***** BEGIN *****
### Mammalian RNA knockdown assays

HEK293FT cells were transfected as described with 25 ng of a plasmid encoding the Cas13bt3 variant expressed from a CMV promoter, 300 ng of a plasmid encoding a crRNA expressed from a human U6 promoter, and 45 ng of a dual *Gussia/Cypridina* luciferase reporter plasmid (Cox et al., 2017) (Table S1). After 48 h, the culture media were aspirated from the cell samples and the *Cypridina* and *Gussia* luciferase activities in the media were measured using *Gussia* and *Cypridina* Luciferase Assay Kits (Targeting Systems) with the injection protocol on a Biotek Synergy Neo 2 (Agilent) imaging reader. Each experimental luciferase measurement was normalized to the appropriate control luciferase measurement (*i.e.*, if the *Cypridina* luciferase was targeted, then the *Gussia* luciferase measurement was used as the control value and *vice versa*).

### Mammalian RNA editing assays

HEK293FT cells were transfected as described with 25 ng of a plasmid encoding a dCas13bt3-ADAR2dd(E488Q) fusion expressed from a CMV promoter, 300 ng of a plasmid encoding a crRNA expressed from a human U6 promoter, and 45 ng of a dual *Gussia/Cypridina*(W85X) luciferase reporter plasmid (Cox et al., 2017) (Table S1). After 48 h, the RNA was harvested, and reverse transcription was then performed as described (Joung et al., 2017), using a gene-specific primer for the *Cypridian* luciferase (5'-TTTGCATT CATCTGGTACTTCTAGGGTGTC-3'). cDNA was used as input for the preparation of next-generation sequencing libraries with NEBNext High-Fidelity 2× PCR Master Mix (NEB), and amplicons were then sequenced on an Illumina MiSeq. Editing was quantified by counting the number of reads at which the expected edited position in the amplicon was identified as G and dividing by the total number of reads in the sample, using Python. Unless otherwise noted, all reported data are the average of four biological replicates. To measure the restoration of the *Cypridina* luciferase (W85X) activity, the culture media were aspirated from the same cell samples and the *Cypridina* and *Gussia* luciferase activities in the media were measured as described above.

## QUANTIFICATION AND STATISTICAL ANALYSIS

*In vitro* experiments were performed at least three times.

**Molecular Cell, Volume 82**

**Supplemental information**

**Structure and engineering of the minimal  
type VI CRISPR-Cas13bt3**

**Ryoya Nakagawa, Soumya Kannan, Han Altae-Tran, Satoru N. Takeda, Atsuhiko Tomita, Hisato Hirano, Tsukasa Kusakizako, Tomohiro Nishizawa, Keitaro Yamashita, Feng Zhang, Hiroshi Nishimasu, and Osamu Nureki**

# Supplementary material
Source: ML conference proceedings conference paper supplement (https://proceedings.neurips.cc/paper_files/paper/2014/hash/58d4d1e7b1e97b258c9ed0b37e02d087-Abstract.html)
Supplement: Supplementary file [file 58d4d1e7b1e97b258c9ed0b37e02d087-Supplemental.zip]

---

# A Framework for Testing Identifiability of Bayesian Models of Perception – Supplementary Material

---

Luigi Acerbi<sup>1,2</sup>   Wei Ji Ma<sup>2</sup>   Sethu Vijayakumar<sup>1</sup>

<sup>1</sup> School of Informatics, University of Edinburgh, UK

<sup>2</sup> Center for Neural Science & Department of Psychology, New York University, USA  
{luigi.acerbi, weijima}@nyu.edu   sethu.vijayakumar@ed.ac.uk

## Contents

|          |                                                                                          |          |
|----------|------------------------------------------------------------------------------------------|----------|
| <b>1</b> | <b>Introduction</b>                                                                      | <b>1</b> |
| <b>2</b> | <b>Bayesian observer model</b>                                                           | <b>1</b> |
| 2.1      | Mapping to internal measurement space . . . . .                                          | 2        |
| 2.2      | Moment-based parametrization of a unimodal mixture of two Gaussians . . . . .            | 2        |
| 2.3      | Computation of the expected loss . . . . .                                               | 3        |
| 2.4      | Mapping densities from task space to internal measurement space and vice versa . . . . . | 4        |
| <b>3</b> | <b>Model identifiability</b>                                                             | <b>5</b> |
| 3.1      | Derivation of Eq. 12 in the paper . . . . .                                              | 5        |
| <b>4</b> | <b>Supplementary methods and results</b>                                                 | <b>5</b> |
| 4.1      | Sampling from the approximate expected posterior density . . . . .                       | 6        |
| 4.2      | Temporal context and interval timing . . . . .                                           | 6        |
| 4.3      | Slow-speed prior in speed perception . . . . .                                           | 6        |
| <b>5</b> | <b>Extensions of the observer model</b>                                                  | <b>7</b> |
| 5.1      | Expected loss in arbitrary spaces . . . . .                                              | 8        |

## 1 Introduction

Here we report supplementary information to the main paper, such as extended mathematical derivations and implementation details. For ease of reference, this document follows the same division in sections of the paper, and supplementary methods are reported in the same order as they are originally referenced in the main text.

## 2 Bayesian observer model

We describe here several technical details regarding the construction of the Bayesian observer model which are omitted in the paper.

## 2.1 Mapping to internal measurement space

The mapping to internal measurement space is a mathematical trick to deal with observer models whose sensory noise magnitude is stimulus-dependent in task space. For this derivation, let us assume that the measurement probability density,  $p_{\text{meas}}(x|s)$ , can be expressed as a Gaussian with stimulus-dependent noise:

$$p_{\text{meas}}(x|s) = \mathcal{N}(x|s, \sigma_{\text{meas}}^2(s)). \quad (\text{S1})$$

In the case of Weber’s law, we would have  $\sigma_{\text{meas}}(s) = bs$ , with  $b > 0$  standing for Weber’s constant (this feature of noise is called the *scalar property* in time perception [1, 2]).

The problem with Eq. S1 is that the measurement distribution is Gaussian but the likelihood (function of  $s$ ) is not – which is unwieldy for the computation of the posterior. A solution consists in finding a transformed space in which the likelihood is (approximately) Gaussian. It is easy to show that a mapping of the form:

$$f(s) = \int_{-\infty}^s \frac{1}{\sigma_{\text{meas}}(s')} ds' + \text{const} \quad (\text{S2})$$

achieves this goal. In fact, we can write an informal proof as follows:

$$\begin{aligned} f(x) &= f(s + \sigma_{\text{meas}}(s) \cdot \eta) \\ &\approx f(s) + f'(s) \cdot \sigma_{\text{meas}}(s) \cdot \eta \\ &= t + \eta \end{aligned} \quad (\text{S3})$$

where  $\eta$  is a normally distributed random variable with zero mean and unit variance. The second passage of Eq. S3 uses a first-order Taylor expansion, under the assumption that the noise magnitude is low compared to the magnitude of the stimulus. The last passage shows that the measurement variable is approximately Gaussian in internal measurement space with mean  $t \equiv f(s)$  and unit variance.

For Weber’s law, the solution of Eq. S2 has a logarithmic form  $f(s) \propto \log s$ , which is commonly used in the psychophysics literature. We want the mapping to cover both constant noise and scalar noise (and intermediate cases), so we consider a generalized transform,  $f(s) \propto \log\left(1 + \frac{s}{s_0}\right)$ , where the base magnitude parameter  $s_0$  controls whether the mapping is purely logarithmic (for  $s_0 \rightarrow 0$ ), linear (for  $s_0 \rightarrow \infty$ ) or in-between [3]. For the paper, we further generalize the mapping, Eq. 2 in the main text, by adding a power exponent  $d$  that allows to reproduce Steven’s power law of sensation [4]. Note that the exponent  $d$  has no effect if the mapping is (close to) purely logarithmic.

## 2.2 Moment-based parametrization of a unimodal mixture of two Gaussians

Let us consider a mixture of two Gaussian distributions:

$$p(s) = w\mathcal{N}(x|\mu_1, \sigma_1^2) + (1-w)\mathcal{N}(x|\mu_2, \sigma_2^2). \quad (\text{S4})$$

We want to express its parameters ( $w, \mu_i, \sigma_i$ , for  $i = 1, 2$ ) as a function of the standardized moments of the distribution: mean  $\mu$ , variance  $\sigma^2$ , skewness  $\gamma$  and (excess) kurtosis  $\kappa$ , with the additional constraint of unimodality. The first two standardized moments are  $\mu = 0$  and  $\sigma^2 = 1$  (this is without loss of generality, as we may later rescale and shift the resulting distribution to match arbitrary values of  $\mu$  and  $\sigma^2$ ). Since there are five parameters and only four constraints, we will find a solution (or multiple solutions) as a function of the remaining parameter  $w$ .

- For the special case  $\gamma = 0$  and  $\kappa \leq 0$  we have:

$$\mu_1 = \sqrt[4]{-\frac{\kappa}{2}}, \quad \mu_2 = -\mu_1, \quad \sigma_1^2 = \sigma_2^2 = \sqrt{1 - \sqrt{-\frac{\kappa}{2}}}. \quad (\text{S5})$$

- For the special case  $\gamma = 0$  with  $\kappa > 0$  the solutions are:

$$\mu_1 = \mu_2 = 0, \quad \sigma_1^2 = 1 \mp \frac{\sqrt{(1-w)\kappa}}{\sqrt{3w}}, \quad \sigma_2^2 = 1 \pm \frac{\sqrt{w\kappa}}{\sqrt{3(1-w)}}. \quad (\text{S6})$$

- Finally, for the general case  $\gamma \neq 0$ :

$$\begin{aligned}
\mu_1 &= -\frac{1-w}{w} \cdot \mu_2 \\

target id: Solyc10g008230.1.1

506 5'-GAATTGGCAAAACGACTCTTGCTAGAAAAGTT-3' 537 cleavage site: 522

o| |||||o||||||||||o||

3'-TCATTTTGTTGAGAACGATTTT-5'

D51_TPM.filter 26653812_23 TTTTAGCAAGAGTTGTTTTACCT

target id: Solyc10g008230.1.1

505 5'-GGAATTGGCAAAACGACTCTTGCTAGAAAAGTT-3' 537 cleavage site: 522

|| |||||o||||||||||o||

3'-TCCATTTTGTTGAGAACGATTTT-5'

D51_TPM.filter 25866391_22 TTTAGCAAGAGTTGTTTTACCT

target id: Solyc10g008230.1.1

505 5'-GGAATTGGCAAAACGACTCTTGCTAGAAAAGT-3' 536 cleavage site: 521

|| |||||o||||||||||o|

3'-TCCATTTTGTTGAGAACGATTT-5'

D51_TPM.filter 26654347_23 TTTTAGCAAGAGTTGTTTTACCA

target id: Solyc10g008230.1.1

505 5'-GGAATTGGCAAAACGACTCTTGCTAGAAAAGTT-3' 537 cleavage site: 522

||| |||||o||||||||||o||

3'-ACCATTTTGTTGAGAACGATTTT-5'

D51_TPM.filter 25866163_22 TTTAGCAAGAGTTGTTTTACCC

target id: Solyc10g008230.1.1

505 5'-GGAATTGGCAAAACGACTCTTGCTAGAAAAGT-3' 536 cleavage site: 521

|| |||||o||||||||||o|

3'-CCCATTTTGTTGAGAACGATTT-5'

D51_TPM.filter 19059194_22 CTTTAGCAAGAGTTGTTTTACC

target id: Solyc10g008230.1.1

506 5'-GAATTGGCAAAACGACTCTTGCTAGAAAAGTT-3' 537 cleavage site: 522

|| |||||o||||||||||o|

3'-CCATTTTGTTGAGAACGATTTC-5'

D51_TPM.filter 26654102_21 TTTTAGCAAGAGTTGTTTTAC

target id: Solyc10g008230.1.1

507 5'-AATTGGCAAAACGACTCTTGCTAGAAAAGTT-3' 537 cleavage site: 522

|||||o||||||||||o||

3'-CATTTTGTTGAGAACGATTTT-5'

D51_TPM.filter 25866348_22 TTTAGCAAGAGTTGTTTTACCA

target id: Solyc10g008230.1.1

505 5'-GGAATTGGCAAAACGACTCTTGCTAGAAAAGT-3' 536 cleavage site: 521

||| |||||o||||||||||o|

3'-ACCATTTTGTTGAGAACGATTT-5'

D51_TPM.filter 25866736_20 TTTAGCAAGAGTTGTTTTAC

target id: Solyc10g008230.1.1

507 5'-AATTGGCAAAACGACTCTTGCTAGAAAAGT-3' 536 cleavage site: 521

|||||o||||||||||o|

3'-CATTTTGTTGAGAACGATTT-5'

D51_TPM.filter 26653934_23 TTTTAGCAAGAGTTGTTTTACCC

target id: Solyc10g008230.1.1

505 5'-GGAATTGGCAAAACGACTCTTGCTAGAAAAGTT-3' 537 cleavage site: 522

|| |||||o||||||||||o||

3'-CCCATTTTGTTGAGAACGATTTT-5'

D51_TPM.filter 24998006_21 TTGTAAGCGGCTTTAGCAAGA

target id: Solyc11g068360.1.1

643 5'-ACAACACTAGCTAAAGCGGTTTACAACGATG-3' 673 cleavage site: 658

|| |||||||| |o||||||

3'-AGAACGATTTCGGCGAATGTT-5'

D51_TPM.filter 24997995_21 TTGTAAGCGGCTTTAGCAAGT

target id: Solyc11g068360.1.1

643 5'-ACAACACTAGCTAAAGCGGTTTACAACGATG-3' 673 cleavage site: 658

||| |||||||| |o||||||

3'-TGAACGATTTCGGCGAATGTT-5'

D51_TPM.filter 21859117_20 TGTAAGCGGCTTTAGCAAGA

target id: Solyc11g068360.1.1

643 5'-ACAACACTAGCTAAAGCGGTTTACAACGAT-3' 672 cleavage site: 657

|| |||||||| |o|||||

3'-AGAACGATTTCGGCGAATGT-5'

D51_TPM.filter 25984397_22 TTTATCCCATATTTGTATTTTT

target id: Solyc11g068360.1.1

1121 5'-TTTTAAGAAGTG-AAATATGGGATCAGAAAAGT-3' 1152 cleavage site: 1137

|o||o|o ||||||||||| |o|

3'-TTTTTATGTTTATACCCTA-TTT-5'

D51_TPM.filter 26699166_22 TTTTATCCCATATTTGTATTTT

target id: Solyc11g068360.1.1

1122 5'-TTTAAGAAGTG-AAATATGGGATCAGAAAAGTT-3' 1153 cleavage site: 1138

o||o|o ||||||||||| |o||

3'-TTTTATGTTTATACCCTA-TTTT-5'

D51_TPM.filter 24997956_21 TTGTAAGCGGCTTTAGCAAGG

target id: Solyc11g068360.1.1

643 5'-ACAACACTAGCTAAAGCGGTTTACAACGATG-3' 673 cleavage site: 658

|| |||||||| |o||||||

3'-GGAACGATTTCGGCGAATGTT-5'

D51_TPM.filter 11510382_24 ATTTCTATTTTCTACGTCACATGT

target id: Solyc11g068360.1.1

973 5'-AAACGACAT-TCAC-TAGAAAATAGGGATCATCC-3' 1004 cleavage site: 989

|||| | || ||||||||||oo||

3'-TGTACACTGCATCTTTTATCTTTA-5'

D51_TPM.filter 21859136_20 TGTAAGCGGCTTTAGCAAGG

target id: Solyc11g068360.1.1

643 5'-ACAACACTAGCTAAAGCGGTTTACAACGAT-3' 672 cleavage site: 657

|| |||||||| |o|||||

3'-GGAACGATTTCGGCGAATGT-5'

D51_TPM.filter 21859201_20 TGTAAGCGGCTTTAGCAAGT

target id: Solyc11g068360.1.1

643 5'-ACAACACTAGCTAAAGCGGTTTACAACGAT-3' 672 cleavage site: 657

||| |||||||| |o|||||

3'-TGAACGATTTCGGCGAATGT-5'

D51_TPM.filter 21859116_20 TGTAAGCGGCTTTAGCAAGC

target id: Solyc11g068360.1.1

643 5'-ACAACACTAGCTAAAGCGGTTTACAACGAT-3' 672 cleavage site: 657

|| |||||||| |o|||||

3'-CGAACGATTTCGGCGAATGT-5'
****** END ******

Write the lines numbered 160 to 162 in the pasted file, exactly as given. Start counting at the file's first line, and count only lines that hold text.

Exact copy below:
643 5'-ACAACACTAGCTAAAGCGGTTTACAACGAT-3' 672 cleavage site: 657

|| |||||||| |o|||||

3'-CGAACGATTTCGGCGAATGT-5'